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ISA 2006 HTTPS publishing reveals PRIVATE IP assigned to the NIC

Posted on 2008-06-16
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Last Modified: 2012-06-22
I have an ISA 2006 server in a DMZ behind a PIX firewall.
The ISA server has a private IP assigned to it's NIC.
The PIX is NATing the private IP behind a public IP.
Everything works perfect how it should.

The ISA server is HTTPS publishing a LINUX APACHE server
When scanning the PUBLIC IP from the OUTSIDE of the network (via Internet) with Nessus, the scanner is able to determine the PRIVATE IP address of the ISA SERVER (not the published web server).

I've tested adjusting the firewall to NAT directly to the Apache Web server.  The same scan does NOT reveal the IP address.  This is definately something that the ISA 2006 server is leaking.

I have been unable to find any security procedures/fixes to stop this problem.
Ideas?

The fixes I've found for this type problem are related to IIS, but NOT ISA.

thanks.
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Question by:mike_virgilio
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11 Comments
 
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Expert Comment

by:giltjr
ID: 21841915
What type of scan is being done that shows the private IP address of the ISA box?
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Author Comment

by:mike_virgilio
ID: 21847030
When I scan the PUBLIC IP with Nessus (http://www.nessus.org/nessus/), it is able to get the PRIVATE IP address from the HTTPS port.    If I setup the webserver to be directly connected with a NAT and scan the published web server directly, it does NOT reveal the private IP.
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LVL 57

Expert Comment

by:giltjr
ID: 21847253
What happens if you run the same scan as just plain HTTP?

My thought is that ISA is putting a "via" type header in the HTTP stream and putting it's IP address.  Some proxy servers do this and in this case ISA is acting like a proxy server.

If you see the "leak" in plain HTTP, then you can look at the actual data stream with a packet sniffer and see what the ISA box is doing.
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LVL 57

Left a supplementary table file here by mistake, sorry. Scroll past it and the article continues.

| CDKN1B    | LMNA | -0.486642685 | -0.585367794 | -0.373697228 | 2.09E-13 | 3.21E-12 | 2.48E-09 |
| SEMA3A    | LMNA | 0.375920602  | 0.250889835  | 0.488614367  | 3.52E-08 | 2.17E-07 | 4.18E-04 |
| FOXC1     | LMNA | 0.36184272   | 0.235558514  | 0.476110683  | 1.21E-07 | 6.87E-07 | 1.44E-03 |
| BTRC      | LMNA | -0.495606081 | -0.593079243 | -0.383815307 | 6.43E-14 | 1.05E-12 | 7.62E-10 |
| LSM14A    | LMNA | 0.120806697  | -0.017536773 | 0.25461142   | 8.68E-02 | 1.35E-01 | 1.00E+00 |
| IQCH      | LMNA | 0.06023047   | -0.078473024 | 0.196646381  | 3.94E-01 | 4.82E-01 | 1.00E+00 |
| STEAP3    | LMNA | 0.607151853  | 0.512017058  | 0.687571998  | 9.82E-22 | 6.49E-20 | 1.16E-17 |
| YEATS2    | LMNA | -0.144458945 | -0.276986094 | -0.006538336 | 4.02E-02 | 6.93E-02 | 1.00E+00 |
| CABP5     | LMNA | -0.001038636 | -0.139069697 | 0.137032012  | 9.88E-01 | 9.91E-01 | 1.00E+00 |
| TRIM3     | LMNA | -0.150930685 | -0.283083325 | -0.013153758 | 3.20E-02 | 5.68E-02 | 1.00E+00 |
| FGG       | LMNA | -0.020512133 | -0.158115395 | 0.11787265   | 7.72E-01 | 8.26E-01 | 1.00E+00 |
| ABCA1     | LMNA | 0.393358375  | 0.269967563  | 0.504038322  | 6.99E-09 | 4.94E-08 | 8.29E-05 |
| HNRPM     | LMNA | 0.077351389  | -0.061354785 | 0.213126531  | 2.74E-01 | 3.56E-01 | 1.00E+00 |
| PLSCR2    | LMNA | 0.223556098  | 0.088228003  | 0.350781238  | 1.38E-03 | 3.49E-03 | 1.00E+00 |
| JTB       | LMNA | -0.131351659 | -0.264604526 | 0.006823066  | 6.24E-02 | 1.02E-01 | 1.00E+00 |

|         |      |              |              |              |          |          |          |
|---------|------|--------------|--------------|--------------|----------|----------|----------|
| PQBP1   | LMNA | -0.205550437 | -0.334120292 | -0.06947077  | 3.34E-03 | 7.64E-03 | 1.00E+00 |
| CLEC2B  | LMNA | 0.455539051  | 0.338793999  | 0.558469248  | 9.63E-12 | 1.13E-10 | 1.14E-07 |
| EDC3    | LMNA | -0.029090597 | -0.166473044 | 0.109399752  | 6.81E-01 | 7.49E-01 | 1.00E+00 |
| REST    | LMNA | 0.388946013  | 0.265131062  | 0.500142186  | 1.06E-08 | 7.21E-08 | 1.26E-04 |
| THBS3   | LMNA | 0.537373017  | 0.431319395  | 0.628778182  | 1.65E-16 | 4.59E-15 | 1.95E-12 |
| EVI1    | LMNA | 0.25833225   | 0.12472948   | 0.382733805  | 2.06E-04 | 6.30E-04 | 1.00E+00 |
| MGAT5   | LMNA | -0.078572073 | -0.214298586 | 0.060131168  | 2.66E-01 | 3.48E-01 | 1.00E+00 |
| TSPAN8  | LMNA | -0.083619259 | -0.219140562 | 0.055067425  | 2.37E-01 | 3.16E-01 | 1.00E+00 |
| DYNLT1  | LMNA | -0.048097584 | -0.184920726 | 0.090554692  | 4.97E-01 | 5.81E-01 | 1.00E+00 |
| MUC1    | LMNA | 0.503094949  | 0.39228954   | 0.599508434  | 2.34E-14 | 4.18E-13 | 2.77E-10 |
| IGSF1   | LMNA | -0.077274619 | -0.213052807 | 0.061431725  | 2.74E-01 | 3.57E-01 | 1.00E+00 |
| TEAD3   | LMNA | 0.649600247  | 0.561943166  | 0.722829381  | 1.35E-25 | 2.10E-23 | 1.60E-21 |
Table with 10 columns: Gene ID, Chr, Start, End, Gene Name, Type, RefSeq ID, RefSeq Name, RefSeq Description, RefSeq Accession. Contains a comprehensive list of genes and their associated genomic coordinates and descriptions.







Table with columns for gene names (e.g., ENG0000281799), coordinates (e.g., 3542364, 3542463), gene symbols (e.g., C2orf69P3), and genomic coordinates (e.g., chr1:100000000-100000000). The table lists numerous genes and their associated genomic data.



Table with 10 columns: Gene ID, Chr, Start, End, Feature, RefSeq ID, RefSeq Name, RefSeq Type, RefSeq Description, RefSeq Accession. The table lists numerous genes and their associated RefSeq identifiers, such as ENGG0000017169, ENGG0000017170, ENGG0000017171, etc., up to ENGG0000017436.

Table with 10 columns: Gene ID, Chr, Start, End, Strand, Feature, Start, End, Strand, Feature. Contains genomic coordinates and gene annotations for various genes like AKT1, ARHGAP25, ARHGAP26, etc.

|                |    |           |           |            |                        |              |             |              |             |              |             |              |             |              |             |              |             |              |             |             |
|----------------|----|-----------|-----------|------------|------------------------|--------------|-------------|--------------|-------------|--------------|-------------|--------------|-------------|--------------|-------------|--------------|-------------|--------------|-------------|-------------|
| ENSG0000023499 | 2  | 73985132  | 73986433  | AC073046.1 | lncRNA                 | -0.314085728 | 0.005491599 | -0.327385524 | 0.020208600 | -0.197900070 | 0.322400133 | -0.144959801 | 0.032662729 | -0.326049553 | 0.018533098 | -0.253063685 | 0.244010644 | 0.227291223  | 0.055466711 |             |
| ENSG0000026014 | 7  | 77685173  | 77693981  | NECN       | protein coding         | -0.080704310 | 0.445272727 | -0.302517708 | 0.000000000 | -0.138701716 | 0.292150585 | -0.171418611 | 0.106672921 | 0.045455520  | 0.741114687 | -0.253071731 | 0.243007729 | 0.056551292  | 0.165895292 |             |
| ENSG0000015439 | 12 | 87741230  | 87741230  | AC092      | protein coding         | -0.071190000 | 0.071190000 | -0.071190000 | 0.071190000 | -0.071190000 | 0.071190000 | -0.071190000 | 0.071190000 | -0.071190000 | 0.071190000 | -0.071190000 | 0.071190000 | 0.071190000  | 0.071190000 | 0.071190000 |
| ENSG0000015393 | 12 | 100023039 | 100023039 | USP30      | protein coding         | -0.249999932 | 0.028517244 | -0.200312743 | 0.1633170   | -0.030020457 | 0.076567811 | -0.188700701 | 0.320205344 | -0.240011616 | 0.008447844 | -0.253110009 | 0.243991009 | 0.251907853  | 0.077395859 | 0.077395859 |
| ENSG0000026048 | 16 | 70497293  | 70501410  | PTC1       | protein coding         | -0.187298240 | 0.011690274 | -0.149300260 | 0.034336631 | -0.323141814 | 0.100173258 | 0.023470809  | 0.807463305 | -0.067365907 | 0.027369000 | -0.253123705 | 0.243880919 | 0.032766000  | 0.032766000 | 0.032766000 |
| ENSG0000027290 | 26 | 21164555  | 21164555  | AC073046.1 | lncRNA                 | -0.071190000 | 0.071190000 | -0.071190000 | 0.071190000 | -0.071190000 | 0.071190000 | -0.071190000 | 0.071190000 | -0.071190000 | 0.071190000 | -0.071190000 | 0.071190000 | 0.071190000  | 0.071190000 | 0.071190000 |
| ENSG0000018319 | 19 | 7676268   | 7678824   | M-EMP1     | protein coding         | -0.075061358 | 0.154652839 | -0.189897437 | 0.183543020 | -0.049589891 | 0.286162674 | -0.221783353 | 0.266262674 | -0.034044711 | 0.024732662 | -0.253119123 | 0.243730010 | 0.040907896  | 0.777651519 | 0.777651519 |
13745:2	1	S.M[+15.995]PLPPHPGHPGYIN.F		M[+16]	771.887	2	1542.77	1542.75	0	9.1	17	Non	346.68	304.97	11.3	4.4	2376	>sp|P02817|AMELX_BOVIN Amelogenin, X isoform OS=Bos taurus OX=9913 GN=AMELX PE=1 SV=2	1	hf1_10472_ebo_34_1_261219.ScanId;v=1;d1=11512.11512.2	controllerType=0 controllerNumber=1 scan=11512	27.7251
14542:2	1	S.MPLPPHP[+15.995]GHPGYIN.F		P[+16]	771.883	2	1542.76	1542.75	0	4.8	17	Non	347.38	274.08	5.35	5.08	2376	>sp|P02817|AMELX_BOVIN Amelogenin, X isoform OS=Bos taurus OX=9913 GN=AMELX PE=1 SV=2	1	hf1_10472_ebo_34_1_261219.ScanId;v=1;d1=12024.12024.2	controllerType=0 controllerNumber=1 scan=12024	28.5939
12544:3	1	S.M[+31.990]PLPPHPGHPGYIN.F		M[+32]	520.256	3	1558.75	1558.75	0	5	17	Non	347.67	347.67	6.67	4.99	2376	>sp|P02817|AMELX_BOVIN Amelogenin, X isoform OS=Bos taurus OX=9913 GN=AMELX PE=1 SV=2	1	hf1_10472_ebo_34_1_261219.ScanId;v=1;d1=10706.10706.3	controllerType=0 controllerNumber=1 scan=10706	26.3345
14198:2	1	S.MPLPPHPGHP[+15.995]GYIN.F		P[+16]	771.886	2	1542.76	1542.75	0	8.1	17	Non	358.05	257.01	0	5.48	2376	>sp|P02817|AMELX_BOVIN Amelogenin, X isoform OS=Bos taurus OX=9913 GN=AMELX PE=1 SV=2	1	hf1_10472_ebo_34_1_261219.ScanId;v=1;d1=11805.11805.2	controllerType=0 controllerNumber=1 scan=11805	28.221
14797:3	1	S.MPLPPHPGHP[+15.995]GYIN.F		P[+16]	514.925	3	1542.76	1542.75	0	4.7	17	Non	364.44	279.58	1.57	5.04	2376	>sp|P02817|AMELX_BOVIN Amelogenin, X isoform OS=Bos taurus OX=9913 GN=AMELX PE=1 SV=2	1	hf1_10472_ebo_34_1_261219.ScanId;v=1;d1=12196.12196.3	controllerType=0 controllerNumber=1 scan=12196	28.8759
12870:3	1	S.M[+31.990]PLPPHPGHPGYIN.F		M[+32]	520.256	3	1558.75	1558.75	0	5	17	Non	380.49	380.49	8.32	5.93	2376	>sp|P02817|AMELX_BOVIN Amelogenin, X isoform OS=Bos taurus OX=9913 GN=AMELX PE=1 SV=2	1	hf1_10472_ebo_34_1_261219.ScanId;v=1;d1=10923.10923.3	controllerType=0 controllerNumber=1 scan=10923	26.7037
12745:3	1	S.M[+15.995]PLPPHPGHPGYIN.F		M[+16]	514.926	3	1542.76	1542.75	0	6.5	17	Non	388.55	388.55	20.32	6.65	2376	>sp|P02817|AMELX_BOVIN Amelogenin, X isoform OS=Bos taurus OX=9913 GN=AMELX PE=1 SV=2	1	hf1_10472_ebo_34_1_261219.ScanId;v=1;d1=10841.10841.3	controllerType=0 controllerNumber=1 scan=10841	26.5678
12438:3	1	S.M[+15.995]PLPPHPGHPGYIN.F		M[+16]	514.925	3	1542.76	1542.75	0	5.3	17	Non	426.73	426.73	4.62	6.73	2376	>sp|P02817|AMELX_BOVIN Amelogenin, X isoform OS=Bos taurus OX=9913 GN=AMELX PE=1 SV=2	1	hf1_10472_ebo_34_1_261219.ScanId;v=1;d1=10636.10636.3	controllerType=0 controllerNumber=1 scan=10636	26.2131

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by:giltjr
ID: 21847298
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by:mike_virgilio
ID: 21863011
After trying to adjust headers via ISA server, I was unable to fix the problem.  I DID come up with a solution by adjusting the service policies on the PIX to SPOOF the HTTP/HTTPS Server headers for inbound connections to the ISA public address (I'm using 8.0 software on Pix 515)
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by:giltjr
ID: 21864155
I would like a bit more on the solution, as I am confused.  I can see how the PIX can spoof the HTTP headers, but the headers for a https stream should be encrypted and the PIX would never be able to see them.  Can you provide more information on how you got the pix to change encrypted data?
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Accepted Solution

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mike_virgilio earned 0 total points
ID: 21866188
The headers must be transmitted BEFORE the certificate exchange occurs

From PIX Configuration:
object-group service DM_INLINE_TCP_5 tcp
 port-object eq www
 port-object eq https

access-list outside_mpc extended permit tcp any host 57.14.22.434 object-group DM_INLINE_TCP_5

class-map outside-class1
 match access-list outside_mpc

policy-map type inspect http HTTP_Server-Spoof
 parameters
  spoof-server "www.mydomain.com"

policy-map outside-policy
 description chi-pubisa
 class outside-class1
  inspect http HTTP_Server-Spoof
=================
I did an additional test to make sure it was the HTTPS protocol leaking the IP.  I adjusted the PIX to ONLY spoof on HTTP. (NOT HTTPS)
After scanning, I WAS able to get the private IP again.
It SAYS HTTP in the description, but is detected on the HTTPS port.
---------------
Private IP address leaked in HTTP headers

Synopsis :

This web server leaks a private IP address through its HTTP headers.

Description :

This may expose internal IP addresses that are usually hidden or masked
behind a Network Address Translation (NAT) Firewall or proxy server.

There is a known issue with IIS 4.0 doing this in its default configuration.

See also :

http://support.microsoft.com/support/kb/articles/Q218/1/80.ASP
See the Bugtraq reference for a full discussion.

Risk factor :

Medium / CVSS Base Score : 5.0
(CVSS2#AV:N/AC:L/Au:N/C:P/I:N/A:N)

Plugin output :

This web server leaks the following private IP address : 192.168.110.14
CVE : CVE-2000-0649
BID : 1499

Nessus ID : 10759
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